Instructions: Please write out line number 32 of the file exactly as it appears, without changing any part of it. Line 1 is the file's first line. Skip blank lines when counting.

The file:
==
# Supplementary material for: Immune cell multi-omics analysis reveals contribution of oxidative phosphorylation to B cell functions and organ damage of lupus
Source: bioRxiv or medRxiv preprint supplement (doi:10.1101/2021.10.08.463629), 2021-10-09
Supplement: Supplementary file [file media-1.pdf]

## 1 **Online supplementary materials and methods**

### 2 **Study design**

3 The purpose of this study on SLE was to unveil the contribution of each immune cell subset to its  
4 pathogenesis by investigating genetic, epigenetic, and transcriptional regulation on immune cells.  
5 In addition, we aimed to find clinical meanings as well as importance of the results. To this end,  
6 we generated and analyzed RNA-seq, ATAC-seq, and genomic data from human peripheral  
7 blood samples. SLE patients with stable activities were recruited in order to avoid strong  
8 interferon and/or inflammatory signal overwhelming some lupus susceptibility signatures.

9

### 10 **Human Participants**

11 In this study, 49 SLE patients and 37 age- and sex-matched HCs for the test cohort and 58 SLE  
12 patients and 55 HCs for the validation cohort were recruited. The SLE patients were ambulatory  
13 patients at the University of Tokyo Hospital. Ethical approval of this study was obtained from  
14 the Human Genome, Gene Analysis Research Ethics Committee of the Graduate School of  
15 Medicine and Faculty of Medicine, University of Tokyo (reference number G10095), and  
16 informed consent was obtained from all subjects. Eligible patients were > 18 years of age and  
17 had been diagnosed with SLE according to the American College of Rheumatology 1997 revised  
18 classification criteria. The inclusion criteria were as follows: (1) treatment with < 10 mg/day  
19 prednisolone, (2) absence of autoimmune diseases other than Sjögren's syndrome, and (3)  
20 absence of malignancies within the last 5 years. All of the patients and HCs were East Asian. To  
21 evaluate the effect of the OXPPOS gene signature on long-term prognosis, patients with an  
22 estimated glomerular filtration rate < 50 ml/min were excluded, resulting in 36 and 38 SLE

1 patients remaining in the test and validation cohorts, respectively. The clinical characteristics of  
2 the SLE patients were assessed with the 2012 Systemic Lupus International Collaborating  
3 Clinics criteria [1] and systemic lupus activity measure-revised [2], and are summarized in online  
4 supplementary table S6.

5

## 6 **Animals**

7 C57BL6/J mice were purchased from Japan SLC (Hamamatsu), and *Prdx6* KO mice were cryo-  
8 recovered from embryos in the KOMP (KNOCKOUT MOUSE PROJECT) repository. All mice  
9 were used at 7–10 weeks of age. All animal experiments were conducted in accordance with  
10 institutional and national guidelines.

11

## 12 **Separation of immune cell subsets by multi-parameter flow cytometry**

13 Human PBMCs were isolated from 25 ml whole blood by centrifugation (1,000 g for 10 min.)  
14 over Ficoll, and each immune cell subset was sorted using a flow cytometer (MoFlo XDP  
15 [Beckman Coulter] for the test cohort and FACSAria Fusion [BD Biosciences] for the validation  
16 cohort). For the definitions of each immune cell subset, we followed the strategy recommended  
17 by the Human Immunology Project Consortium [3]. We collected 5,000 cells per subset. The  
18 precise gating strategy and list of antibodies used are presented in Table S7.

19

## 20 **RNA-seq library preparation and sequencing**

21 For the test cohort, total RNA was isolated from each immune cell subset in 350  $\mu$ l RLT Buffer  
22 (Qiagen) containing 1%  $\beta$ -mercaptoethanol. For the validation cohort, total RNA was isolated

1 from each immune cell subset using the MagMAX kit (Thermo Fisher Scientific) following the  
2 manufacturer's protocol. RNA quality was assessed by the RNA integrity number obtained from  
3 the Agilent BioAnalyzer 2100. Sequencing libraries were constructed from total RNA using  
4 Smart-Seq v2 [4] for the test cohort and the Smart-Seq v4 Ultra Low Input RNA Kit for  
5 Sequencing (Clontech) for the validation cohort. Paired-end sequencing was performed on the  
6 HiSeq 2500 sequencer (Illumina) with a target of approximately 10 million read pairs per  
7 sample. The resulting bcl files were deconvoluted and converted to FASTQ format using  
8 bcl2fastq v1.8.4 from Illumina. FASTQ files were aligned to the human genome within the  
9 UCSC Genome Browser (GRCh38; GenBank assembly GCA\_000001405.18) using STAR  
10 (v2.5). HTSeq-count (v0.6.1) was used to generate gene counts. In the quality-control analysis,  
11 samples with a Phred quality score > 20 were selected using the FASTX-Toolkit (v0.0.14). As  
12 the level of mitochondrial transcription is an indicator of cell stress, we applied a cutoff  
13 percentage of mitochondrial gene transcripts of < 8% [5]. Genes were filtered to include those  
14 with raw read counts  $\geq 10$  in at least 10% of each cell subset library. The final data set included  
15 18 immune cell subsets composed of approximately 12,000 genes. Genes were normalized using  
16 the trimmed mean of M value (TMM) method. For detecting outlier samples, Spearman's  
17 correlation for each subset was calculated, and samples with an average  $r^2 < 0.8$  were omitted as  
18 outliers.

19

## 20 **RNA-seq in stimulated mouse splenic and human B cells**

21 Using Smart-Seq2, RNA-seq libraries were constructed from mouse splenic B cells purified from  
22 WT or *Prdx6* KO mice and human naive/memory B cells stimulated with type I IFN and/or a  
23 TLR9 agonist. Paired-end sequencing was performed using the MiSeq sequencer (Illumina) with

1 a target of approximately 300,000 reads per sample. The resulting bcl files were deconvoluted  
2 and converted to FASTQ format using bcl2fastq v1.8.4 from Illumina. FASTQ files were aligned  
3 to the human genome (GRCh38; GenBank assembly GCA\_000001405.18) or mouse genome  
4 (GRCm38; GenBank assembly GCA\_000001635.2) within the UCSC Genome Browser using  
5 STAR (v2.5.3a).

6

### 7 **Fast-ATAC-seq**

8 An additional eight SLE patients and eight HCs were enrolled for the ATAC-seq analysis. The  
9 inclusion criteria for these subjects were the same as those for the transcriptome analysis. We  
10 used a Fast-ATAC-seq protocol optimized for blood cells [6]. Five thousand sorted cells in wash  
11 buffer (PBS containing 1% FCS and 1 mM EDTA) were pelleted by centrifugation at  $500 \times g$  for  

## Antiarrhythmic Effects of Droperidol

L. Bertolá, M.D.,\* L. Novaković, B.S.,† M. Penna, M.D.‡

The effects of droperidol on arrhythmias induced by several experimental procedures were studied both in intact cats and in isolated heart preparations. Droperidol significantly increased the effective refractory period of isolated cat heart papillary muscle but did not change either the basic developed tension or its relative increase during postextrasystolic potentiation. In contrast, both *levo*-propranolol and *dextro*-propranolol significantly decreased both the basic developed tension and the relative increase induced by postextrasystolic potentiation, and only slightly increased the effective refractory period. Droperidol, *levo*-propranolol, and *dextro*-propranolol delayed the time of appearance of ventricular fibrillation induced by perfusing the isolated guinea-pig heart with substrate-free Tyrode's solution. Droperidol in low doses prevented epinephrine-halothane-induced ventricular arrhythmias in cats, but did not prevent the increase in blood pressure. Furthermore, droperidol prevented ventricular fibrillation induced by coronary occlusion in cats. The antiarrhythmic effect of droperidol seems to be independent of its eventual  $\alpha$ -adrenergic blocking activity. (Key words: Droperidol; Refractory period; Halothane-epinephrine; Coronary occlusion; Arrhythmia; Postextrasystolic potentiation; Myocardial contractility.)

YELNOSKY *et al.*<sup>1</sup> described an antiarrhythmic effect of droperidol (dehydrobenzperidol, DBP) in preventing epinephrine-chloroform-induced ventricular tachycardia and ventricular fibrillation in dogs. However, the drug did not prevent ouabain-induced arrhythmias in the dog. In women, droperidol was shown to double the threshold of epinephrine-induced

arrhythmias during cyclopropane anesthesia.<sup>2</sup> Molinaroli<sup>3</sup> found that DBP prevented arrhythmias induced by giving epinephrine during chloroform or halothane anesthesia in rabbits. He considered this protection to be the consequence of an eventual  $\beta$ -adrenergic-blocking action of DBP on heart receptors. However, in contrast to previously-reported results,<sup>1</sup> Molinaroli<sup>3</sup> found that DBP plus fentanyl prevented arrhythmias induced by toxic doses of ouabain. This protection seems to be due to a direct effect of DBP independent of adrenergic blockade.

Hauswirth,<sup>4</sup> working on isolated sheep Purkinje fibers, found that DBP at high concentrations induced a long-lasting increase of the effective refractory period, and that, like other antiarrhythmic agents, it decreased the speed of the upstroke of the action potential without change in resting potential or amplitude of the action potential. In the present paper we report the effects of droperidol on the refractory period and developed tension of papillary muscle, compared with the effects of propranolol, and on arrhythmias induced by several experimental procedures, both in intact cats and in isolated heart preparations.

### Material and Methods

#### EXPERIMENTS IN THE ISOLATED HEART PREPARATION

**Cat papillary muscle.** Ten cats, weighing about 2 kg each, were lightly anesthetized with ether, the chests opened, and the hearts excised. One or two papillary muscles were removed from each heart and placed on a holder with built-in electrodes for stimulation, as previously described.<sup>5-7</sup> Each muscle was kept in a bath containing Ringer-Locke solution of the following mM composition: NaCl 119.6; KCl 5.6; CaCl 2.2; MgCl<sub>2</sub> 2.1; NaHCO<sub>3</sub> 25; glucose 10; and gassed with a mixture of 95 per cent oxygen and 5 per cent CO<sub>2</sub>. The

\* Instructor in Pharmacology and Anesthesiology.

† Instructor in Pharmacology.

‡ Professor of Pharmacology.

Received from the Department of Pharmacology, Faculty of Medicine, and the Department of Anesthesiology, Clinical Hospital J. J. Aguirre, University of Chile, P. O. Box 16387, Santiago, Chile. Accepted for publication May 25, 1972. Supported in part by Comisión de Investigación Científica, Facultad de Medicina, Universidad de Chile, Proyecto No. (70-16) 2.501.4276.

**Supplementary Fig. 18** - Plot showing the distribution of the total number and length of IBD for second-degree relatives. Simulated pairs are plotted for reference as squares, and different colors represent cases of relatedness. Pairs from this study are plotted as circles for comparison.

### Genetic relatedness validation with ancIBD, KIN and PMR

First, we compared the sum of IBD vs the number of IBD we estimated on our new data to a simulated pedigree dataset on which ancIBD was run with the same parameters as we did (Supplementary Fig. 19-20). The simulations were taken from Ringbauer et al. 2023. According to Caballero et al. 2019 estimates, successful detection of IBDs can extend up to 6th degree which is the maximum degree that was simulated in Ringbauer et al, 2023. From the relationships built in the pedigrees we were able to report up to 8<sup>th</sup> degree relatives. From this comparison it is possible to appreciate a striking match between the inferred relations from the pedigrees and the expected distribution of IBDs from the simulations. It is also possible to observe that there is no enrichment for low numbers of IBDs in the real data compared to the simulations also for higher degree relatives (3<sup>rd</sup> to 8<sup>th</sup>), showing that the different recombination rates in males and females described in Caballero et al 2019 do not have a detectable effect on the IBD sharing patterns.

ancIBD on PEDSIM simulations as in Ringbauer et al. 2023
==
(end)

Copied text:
7 C57BL6/J mice were purchased from Japan SLC (Hamamatsu), and *Prdx6* KO mice were cryo-  